When it comes to cocaine and pop culture, one blow-snorting icon towers above all. In 1983's Scarface, Al Pacino played the iconic Tony Montana, a merciless, rags-to-riches coke kingpin who (spoiler alert) goes out in a blaze of gunfire and blood. Hip-hop worships the character for his killer instinct: Nas named a song after Tony's motto of “The world is yours,” and one prominent rapper even takes his name straight from the movie's title.
That said, La Coka Nostra weren't feeling the love in 2009. A Brand You Can Trust–the full-length debut from the hip-hop supergroup featuring members of House of Pain, Non Phixion, Limp Bizkit and Special Teamz–closes with a track called “Fuck Tony Montana.” As an unhinged, ominous beat blasts in, Ill Bill's verse is the first fired: “Fuck Tony Montana/We kill kids/If he did, he'd still be alive.” Goddamn.
“It's heavy drums, aggressive samples and aggressive rhyming style,” says Slaine (a.k.a. George Carroll Jr.), one of La Coka Nostra's MCs, of the group's signature sound. “It's the essence of hardcore hip-hop.”
La Coka Nostra began around 2006 when DJ Lethal (best known for his turntable/production work in House of Pain and Limp Bizkit) started working with rappers Slaine, Optimus and Big Left. Instead of working on three different solo projects, Lethal brought them all into the studio together. The rappers recorded some 23 songs in nine days–and had a lot of fun. One night, Danny Boy, another House of Pain member, called the studio. “He's like, 'How's everything going over there?' and Lefty's like, 'It's going great. We got a regular La Cosa Nostra up in here,'” recalls Slaine, 37, referencing the term for the Italian mafia. “And Danny's like, 'Yeah, if you motherfuckers don't chill out, they're going to call you La Coka Nostra.'”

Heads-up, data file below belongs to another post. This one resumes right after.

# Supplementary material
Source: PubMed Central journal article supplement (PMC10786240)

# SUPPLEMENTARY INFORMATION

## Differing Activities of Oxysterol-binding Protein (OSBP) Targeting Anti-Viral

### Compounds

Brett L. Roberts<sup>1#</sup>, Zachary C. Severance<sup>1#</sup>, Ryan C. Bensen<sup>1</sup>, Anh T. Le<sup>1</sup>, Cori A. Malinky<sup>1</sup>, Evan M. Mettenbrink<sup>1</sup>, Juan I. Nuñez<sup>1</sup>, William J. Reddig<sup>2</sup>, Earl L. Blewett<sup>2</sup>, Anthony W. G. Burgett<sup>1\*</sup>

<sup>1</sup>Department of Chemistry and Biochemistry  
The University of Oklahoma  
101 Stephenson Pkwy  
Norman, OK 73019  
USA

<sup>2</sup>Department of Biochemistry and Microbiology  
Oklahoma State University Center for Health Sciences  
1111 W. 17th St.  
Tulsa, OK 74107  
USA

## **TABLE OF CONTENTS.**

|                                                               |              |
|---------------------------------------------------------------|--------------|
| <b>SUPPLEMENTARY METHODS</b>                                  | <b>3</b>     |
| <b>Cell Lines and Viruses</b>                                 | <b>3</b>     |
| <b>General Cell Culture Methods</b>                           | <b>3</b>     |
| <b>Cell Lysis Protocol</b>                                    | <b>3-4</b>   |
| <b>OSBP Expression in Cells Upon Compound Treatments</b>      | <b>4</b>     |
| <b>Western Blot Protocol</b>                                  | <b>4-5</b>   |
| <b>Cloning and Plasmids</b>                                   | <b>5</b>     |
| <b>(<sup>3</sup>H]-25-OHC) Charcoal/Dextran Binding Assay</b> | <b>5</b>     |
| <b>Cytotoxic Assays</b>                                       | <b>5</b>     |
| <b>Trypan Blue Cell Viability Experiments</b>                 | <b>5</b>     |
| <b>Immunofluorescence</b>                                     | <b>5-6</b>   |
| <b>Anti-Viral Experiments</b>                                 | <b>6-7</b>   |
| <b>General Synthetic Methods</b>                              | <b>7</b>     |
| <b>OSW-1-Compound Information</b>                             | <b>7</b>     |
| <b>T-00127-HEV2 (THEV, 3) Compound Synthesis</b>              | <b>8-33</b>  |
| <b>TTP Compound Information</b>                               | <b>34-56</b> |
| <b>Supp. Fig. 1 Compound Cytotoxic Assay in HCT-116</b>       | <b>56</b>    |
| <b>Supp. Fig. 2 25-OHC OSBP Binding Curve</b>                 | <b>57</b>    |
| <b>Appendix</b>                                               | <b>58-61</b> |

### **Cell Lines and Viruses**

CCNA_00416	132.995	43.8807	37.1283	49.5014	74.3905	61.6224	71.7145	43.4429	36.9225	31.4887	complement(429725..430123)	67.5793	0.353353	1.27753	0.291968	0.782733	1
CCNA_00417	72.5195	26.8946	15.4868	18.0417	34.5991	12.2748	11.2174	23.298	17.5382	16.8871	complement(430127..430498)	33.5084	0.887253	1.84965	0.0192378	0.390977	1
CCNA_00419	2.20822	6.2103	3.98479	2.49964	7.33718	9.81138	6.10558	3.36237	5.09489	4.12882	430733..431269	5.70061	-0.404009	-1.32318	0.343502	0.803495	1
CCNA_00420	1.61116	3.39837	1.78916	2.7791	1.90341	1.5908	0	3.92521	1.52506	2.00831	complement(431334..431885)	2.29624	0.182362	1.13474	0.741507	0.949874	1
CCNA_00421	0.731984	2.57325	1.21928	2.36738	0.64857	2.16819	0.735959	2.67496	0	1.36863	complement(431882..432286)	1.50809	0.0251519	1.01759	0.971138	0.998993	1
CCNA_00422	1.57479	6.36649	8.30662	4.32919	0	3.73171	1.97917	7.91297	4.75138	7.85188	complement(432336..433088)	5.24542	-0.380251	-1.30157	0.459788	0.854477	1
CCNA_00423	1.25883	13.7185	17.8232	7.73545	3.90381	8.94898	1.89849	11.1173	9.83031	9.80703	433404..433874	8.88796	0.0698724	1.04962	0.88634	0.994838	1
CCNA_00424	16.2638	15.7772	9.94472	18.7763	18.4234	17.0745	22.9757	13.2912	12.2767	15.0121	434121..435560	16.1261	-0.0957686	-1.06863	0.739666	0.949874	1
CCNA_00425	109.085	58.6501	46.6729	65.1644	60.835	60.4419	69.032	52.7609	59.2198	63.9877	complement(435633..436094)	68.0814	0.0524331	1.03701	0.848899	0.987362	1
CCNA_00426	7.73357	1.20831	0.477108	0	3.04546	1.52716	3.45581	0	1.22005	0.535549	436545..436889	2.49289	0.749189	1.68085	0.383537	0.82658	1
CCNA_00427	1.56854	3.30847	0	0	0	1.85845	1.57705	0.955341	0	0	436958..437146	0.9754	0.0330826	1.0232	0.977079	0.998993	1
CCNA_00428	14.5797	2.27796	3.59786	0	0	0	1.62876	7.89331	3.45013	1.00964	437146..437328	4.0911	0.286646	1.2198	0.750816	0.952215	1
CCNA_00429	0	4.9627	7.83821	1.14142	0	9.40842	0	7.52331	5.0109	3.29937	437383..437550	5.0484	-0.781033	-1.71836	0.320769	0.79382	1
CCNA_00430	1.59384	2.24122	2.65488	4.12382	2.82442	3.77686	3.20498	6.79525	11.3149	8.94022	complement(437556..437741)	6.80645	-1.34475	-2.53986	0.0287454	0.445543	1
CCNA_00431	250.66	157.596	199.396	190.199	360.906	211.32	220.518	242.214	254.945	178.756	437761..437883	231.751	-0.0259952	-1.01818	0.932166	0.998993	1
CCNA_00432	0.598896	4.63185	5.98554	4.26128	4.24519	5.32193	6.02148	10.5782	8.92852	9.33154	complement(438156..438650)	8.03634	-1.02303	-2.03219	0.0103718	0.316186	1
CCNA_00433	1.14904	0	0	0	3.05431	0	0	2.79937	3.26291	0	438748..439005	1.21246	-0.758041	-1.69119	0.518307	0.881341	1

As the rappers and producers within this overarching circle began to mingle, La Coka Nostra went from inside joke to official clique, with Slaine, Everlast, Ill Bill, Danny Boy, DJ Lethal and Big Left forging the group in 2006. (Left and Everlast have since left.) A rapper with fewer years and less prominence beneath his belt than some others, Slaine relishes hanging with his mentors and concentrating on speaking from La Coka's perspective. “With the solo stuff, I might do [something] that's a little more vulnerable or personal,” he says. “It's like in life, when you're hanging out with your friends, you're not going to be always talking about your own personal problems, your own personal mind state. You are in that gang mentality, where you're having a good time and just wildin' out.”
That's the upside of catching these rappers. From their similar backgrounds and sounds, they come up with insane, violent, drug-loving imagery that'll make you think, “Wow”–the type of act that says, “Fuck Tony Montana” when everyone else looks up to the guy. Its members might be divided across cities–Boston, New York City and Los Angeles, at the least–and projects, and activity might ebb and flow, but it feels as if you're hearing old buddies kill time together.
“We all have our own lives and our own solo stuff. When it feels like the right time to come back together and work on some La Coka stuff or tour, well, that's when we get back and do it,” Slaine says. He tells of a recent, impromptu La Coka stint in Australia that took priority when he was about to tour for his own new record. He didn't mind, he says. “To me, it's all the same family.”
La Coka Nostra perform with the Psycho Realm and the Beatnuts at the Observatory, 3503 S. Harbor Blvd., Santa Ana, (714) 957-0600; www.observatoryoc.com. Fri., 8 p.m. $25. All ages.